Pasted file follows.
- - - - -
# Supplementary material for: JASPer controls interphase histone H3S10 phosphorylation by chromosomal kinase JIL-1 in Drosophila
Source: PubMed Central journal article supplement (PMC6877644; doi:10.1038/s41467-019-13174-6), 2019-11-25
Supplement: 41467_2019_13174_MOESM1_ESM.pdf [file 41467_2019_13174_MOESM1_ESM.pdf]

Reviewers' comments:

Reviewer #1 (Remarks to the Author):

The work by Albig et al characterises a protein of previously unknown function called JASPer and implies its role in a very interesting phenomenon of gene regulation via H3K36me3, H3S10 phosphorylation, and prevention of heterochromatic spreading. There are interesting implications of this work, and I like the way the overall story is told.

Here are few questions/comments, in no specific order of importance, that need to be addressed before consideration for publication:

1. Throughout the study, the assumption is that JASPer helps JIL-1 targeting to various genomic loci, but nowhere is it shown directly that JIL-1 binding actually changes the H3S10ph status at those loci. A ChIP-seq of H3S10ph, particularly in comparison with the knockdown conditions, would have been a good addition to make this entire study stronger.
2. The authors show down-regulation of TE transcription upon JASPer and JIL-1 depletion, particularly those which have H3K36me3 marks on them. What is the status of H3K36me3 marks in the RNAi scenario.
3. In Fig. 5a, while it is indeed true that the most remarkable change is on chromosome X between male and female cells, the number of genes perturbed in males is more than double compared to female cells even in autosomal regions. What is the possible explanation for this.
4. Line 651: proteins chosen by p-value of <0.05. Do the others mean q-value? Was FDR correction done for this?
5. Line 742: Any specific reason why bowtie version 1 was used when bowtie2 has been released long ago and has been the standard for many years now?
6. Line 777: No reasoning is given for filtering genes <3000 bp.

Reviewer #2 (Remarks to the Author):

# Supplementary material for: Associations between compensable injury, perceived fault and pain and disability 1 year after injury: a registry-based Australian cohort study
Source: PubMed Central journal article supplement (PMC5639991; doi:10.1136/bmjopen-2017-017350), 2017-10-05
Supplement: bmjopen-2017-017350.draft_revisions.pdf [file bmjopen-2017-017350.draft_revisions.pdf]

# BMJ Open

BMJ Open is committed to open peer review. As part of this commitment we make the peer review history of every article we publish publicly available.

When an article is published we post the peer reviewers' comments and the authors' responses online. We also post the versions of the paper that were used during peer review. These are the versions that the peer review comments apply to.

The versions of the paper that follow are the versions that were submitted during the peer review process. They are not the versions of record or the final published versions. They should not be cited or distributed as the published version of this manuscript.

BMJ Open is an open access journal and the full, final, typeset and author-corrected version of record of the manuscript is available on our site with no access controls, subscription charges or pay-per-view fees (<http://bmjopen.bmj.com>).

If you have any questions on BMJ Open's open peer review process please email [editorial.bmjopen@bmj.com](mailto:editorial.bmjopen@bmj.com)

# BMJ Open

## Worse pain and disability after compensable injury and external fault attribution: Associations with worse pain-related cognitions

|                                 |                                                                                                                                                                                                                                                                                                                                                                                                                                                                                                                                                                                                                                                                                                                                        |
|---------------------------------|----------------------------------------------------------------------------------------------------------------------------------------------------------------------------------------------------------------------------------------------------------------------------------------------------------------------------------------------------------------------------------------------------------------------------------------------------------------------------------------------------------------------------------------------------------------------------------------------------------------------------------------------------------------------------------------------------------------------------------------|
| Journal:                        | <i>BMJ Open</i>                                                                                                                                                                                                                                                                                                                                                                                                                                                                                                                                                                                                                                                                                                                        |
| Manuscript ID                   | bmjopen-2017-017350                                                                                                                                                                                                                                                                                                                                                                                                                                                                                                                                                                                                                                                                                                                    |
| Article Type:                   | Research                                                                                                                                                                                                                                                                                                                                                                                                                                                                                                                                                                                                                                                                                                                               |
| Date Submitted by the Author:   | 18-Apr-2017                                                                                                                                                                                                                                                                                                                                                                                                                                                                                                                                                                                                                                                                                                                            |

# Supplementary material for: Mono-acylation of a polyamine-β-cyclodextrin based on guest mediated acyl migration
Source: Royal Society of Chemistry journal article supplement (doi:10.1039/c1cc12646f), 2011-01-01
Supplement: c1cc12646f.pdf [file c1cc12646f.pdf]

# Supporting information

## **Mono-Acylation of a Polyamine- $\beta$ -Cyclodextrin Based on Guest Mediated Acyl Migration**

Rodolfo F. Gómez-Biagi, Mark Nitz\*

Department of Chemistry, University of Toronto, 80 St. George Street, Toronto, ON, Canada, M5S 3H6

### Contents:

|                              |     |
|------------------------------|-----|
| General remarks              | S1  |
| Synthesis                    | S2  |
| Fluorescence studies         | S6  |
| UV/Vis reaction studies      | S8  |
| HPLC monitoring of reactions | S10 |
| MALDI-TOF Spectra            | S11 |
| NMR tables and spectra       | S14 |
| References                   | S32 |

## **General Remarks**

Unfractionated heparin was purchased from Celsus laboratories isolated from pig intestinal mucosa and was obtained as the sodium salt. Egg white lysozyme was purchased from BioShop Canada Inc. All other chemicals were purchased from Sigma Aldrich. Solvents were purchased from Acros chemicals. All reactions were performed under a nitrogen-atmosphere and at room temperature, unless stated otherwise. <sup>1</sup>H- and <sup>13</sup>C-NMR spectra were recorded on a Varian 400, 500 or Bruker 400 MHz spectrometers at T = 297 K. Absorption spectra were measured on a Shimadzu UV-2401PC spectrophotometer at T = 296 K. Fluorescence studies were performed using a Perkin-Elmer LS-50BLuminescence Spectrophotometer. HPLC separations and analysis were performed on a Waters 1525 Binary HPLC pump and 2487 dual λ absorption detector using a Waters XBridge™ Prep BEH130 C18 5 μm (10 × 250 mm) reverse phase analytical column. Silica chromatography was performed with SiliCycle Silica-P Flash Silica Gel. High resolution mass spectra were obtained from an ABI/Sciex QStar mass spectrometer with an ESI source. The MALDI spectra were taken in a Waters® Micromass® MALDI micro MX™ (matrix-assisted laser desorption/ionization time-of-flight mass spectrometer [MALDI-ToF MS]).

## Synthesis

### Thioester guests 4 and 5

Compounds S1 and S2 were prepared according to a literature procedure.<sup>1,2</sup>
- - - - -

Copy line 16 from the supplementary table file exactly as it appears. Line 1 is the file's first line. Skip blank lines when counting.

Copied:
Source: PubMed Central journal article supplement (PMC5639991; doi:10.1136/bmjopen-2017-017350), 2017-10-05